There is no doubt that California’s fish populations are in crisis, due to massive water exports south of the Delta by the state and federal water projects.

The Department of Fish and Wildlife’s fall midwater trawl surveys, initiated in 1967, the same year the State Water Project began exporting water from the Delta, document the steep decline of Delta fish species. They reveal that the population abundance of Delta smelt, striped bass, longfin smelt, threadfin shad and American shad declined 95.6%, 99.6%, 99.8%, 97.8%, 90.9%, respectively, between 1967 and 2013, according to Jennings.

Jennings noted that 2013 was also a bad year for salmon. As many as half of this year’s up-migrating winter-run Chinook salmon were stranded in the Yolo Bypass and Colusa Basin in April-June and Sacramento River temperature requirements to protect spawning winter-run were relaxed in June.

In November, abrupt reductions in Sacramento River flow exposed spawning redds, killed up to 40% of Sacramento River fall-run Chinook salmon eggs and stranded newly emerged fry.

John Herrick, Restore the Delta board member and Counsel and Manager of the South Delta Water Agency, said the failure of the state and federal water projects to plan ahead contributed to the current water shortage – and a looming disaster for salmon, steelhead and other fish species.

"Last winter and spring the projects were concerned about not having enough water to meet fishery or agricultural standards, and so sought changes in their permits to allow for the relaxation of those standards," he said.

“At the same time, they projected the amount of water available for export. As soon as the projections were released, they began to pump MORE water than they projected; thus taking the water needed for fish and endangering future allocations for all purposes. If this had not been allowed, the reservoirs would have 800+ TAF more storage in them than they currently do,” he noted.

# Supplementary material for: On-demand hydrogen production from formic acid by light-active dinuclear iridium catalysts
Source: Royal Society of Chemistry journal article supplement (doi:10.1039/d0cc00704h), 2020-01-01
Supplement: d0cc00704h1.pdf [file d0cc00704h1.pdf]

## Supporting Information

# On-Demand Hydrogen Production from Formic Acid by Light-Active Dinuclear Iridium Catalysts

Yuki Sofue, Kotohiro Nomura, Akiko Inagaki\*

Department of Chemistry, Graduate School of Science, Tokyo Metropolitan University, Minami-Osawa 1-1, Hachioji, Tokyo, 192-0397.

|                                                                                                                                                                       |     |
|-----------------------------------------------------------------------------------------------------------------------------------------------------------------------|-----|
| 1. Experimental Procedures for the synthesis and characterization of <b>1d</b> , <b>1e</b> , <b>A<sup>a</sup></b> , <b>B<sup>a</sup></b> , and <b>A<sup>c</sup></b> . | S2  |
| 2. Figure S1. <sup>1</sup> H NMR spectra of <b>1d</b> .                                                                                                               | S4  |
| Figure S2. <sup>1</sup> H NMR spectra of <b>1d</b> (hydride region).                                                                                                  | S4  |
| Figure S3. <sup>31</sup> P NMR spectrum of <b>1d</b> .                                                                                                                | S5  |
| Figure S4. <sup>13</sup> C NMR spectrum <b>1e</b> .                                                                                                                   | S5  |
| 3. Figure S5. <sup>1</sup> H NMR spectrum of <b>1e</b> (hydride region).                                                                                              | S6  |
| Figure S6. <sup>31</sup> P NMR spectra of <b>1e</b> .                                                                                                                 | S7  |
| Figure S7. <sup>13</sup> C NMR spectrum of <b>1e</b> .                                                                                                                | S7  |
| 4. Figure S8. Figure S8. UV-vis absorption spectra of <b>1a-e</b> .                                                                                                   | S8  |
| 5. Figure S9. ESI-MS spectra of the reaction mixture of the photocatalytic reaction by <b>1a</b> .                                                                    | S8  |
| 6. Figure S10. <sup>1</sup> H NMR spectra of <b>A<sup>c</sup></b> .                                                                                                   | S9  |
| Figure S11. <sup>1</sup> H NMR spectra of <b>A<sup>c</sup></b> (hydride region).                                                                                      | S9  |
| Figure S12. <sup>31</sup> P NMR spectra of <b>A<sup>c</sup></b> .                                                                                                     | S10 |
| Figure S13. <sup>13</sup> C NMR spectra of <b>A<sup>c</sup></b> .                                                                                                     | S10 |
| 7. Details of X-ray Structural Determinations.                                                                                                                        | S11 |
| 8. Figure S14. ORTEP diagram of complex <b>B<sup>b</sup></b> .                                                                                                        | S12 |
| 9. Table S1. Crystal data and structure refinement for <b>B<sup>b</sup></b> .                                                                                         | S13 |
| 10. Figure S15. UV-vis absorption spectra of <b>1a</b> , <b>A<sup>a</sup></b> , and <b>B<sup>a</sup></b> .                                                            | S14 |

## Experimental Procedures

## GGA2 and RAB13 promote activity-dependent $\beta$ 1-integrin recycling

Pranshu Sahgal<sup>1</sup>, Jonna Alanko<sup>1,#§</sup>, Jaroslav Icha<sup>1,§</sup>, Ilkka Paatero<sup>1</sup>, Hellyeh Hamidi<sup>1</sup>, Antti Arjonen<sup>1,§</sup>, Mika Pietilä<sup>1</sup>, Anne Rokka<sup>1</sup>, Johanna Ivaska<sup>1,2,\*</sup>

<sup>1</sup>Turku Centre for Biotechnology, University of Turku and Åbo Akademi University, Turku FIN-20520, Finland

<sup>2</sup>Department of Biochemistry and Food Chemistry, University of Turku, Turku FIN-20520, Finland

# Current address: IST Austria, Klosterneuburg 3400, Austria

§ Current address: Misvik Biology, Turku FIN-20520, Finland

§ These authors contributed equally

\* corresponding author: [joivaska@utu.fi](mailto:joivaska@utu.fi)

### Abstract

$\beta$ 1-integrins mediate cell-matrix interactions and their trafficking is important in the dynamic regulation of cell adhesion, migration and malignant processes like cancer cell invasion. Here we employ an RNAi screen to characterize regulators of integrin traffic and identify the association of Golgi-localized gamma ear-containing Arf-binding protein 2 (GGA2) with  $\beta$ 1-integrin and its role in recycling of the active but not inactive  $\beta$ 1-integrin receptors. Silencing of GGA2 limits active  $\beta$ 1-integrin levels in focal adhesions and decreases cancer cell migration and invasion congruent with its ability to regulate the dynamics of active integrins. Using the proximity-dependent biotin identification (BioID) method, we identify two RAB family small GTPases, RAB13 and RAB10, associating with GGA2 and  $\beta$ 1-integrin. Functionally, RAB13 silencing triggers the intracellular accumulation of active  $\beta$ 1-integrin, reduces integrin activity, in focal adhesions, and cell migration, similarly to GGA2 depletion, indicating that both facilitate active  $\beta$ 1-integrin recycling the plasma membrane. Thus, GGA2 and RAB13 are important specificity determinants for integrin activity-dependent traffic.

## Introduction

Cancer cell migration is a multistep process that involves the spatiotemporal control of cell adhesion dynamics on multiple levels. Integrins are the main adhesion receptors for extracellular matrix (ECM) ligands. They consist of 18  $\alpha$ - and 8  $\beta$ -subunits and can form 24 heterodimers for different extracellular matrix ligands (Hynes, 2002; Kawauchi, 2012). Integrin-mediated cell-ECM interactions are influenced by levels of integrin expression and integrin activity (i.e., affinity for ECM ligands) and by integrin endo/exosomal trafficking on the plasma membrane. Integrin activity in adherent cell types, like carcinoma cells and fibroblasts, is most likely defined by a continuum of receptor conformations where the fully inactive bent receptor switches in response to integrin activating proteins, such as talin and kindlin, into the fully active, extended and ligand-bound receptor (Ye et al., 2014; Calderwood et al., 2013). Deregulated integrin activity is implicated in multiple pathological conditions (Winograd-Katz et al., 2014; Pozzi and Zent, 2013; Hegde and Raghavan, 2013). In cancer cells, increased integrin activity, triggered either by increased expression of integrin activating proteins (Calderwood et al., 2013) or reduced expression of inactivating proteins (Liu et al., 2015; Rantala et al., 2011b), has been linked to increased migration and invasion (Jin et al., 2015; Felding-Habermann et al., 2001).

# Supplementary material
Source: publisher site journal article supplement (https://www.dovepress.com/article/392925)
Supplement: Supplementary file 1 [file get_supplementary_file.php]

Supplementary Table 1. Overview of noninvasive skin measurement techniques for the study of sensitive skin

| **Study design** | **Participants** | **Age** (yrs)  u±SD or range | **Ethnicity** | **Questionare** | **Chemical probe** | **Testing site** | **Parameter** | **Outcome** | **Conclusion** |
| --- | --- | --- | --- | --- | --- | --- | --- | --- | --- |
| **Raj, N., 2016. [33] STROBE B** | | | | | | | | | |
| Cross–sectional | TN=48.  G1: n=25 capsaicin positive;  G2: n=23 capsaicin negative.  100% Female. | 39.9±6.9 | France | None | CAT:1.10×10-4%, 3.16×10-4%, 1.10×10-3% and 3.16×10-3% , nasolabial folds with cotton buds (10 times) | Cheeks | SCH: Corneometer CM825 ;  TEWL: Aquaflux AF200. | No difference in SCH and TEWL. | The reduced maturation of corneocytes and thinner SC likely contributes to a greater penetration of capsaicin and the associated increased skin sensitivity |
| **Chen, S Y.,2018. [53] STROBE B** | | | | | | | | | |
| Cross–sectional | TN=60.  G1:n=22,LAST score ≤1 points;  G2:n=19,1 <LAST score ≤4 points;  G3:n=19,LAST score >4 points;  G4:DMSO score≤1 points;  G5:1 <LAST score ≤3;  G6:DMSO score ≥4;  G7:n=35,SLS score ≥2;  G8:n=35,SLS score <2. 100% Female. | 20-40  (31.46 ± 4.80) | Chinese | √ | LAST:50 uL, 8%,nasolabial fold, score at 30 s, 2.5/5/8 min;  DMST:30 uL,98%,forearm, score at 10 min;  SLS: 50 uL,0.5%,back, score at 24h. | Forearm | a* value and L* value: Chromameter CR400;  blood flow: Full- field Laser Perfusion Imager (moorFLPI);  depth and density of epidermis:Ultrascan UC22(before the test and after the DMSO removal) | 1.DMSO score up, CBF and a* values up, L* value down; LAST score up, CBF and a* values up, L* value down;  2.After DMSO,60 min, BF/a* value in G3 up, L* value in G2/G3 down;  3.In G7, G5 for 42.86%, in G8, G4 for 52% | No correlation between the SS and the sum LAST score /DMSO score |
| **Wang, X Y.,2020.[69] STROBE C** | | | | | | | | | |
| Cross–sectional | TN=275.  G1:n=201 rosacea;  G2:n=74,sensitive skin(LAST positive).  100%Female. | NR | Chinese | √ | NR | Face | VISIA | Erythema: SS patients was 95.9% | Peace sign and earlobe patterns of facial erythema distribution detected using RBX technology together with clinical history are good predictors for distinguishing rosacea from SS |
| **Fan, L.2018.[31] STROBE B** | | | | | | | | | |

Yet in spite of the record drought, Governor Jerry Brown continues his rush to construct the peripheral tunnels under the Bay Delta Conservation Plan (BDCP) and to expand the water-intensive oil extraction process of fracking (hydraulic fracturing) for oil and natural gas in California.

Barbara Barrigan-Parrilla, Executive Director of Restore the Delta, urged the state and water agencies to invest in projects that yield new water and jobs, rather than spending billions on the environmentally destructive twin tunnels.

“We have had three dry years in a row and the governor admits the tunnels won’t add one drop of water to our drought-plagued state," said Barrigan-Parrilla. "We need solutions more appropriate to our future water challenges, not this $60 billion mega-project that would misspend the billions needed for sustainable water solutions."

The proposed peripheral tunnels will undoubtedly kill the sensitive Sacramento-San Joaquin River Delta, the largest estuary on the West Coast of the Americas, according to the Winnemem Wintu Tribe.

“There is no precedent for the killing of an estuary of this size, so how could any study be trusted to protect the Delta for salmon and other fish?’ said Winnemem Wintu Chief and Spiritual Leader Caleen Sisk. “The end of salmon would also mean the end of Winnemem, so the BDCP is a threat to our very existence as indigenous people.”

When Governor Brown declared a drought state of emergency in January, he said. “We can’t make it rain, but we can be much better prepared for the terrible consequences that California’s drought now threatens, including dramatically less water for our farms and communities and increased fires in both urban and rural areas.”

Brown can't make it rain, but he can put a moratorium on fracking and he can stop his tunnels project in order to preserve California's precious water resources during an unprecedented drought. While Governor Brown is apparently pushing the construction of the peripheral tunnels as a monument to his “legacy,” his real legacy will be the extinction of Central Valley salmon and steelhead populations and the draining of northern California unless he stops his mad plans to build the tunnels and frack California.